Omaha World-Herald. Feb. 12, 2021.
Editorial: Let’s understand COVID’s harm to schools so we can address the problems
COVID has complicated life in countless ways over the past year. One of the most lamentable harms is the negative effect on education. A recent World-Herald examination analyzed the Nebraska data and identified some of the main learning losses.
The greatest the understanding of the specific academic harm, the better the likelihood that our schools can address it effectively. As educators appreciate, tackling these challenges will be a multiyear effort.
This challenge is, of course, by no means limited to Nebraska. It’s a global problem with which educators, students and parents are struggling worldwide.
World-Herald reporters studied academic data from 43 Nebraska school districts. One key finding: COVID complications have undercut achievement in math. This problem generally was universal, affecting districts of all sizes, urban and rural.
Course failure also has increased during the pandemic regardless of which learning mode students used, the data indicate. In Omaha Public Schools, the percentage of high schoolers failing two or more courses has increased from 19.2% pre-COVID to 34% now. That involves about 5,100 OPS high schoolers.
For OPS middle schoolers using remote learning, the two-course fail rate was 38.3%.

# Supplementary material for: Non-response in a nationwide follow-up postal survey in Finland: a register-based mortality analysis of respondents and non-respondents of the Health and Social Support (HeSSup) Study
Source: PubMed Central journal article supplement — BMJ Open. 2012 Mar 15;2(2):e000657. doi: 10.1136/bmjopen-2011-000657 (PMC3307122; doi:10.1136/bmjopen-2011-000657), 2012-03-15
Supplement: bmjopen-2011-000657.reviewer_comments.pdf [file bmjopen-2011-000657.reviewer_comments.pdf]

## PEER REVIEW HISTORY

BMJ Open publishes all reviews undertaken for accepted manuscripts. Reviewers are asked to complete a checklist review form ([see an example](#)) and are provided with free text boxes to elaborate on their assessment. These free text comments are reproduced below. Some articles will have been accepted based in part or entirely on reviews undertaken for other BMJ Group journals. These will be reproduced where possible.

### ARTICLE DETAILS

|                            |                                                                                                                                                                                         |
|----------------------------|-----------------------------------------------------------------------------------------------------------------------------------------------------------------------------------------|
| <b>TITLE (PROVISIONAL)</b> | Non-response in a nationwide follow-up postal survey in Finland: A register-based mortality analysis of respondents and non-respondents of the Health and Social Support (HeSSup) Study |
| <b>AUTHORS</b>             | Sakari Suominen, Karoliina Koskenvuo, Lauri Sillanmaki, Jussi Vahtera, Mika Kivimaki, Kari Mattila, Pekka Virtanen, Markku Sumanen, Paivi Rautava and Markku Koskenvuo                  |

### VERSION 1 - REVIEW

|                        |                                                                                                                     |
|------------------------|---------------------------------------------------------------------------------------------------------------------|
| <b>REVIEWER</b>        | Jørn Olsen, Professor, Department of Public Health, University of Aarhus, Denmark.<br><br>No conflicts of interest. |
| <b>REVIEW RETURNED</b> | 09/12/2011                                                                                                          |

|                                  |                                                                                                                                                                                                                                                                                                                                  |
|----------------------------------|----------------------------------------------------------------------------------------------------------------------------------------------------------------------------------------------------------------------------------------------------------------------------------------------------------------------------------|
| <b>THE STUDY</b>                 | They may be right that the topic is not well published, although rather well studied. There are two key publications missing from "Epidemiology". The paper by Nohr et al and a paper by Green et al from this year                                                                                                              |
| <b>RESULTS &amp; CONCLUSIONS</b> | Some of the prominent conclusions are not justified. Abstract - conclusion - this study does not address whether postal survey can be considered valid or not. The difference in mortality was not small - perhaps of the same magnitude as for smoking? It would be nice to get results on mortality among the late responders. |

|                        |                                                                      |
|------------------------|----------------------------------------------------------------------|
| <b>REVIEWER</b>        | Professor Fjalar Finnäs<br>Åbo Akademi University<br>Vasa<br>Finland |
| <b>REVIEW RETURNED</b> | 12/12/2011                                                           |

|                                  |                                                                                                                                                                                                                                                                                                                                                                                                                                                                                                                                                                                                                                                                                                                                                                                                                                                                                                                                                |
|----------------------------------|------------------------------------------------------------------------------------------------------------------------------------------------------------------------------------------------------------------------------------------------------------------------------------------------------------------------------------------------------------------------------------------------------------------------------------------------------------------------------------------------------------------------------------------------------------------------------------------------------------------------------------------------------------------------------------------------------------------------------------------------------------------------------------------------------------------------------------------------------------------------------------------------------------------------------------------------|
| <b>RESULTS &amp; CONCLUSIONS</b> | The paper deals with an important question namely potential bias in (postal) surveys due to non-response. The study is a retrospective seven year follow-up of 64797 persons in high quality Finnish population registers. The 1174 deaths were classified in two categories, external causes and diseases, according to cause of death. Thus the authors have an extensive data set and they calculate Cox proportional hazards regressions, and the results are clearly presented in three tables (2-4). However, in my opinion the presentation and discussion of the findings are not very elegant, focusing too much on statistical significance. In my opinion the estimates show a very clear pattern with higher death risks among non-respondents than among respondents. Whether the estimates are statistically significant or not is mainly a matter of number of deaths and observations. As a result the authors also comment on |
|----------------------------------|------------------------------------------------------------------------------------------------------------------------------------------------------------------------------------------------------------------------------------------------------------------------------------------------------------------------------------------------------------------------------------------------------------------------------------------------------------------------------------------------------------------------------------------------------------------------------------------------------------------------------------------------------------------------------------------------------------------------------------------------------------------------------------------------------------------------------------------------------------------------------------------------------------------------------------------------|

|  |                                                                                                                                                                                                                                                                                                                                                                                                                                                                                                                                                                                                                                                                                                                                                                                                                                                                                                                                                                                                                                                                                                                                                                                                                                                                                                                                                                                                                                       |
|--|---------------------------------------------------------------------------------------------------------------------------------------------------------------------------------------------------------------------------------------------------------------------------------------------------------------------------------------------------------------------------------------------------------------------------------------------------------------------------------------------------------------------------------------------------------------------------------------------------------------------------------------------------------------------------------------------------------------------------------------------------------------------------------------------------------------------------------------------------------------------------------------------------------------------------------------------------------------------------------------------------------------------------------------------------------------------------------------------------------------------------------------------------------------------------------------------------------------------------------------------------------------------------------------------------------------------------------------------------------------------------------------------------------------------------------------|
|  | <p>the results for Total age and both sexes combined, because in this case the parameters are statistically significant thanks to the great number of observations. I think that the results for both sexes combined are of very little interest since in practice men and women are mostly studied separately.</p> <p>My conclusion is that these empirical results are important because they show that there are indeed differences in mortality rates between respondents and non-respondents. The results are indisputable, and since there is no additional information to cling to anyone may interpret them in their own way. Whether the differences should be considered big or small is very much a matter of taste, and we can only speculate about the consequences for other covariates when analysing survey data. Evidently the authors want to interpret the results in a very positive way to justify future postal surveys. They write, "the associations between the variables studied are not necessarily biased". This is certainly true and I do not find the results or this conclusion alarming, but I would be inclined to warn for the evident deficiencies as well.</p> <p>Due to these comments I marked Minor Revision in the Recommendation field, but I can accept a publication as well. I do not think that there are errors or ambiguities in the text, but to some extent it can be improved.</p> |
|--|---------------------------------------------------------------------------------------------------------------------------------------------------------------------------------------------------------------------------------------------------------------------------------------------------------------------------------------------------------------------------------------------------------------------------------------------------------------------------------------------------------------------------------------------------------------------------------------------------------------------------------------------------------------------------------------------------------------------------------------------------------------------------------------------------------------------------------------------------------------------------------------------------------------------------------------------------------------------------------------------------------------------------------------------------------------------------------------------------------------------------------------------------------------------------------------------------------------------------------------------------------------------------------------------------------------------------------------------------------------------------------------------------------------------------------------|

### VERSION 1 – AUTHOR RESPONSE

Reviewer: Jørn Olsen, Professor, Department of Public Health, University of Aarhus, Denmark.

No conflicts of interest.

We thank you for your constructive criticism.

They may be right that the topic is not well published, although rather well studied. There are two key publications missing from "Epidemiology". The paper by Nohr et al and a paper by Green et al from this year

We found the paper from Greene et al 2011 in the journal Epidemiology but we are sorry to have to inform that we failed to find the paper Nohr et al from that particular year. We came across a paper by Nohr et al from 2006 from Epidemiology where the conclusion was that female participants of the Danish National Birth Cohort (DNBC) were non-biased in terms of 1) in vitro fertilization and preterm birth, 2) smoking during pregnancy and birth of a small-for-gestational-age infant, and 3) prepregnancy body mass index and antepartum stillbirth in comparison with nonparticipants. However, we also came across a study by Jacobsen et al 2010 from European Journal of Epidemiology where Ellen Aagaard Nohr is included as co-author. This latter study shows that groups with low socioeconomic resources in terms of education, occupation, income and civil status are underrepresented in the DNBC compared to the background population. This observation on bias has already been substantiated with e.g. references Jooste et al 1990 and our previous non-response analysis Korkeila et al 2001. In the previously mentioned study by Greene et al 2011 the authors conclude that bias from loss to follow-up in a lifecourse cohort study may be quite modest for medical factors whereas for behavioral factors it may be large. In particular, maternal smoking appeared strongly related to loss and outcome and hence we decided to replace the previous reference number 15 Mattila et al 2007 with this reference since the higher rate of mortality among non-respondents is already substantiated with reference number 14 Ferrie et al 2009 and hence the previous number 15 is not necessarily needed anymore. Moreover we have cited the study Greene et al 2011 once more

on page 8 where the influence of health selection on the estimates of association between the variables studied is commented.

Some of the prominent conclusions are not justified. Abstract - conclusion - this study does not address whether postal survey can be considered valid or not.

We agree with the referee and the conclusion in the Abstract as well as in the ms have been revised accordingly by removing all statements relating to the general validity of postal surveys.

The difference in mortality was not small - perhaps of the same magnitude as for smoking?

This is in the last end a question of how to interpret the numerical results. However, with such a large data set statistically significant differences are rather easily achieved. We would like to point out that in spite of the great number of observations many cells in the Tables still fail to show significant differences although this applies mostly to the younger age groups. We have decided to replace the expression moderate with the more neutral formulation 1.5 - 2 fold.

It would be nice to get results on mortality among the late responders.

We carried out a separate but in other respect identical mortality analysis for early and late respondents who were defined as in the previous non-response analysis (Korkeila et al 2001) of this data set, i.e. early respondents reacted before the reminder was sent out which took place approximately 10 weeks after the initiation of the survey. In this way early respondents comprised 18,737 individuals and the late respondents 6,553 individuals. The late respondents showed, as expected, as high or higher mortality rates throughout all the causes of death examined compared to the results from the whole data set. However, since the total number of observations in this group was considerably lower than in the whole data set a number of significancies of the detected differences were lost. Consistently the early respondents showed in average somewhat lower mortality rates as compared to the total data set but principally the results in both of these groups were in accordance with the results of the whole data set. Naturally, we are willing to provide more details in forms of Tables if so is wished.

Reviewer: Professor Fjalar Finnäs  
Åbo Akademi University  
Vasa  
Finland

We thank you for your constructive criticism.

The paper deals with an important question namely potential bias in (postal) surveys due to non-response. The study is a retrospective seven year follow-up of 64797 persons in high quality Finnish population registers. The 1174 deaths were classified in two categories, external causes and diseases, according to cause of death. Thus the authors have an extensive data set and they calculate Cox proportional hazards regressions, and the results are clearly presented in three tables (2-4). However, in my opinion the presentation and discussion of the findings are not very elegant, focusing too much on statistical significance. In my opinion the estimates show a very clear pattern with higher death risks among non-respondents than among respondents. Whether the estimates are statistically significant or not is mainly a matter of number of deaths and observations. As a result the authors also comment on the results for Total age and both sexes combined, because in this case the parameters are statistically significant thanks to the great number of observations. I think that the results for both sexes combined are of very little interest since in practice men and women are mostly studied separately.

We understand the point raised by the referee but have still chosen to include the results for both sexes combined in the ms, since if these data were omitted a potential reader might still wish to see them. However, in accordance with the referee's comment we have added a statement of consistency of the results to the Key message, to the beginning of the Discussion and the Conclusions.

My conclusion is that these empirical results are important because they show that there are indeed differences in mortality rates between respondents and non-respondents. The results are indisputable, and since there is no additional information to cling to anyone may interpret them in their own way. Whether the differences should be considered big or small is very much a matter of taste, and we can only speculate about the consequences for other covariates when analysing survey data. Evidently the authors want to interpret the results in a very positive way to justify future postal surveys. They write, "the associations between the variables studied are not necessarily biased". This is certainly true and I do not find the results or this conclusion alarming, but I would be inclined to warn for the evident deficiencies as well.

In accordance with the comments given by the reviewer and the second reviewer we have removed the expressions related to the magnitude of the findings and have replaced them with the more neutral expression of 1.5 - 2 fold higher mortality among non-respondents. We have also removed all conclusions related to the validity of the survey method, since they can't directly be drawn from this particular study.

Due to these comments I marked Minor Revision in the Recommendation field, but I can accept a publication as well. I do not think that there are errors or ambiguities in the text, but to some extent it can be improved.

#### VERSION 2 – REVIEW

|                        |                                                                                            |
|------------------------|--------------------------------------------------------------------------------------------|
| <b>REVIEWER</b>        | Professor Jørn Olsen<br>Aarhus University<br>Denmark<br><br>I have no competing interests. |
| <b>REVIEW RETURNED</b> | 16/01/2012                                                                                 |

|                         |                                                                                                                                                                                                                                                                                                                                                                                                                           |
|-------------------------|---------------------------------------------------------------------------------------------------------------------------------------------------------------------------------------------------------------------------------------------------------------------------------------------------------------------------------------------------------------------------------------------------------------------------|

Failing two courses can complicate a high school senior’s ability to graduate. At the elementary and middle school level, the problem can indicate a significant academic gap to be addressed.
Melissa Comine, OPS’s chief academic officer, underlines the importance of these findings.
“The data is compelling,” she says. “It’s a call to action.”
The response must, of course, be multipronged. For the immediate future, adequate health protections for students, educators and staff remain imperative. So does helping seniors meet their needs in order to graduate. Longer-range responses, as the nation hopefully moves beyond the pandemic, will involve multiyear support to help students close learning gaps that began in their elementary or middle school years during the COVID era.
Mental health needs also must receive considerable attention. School can be a stressful experience for some students in any case, and for many, COVID unfortunately has increased that emotional burden. And the pandemic has disrupted the school experience for all children. Just one example: Lunchtime at school traditionally has been a daily occasion for relaxation and fellowship among students. But in many schools, COVID-related health protocols mean lunchtime is more of a solitary experience.
Teen suicide is the second-leading cause of death for Nebraska young people, and school personnel are on the front line of helping monitor teens’ emotional well-being. Nebraska has done fine work over the past decade or so in training educators to check for warning signs. That training must continue as our schools welcome new personnel. The Legislature would do well to give serious focus on a current proposal to fund a statewide helpline intended to supporting young people in mental health crisis.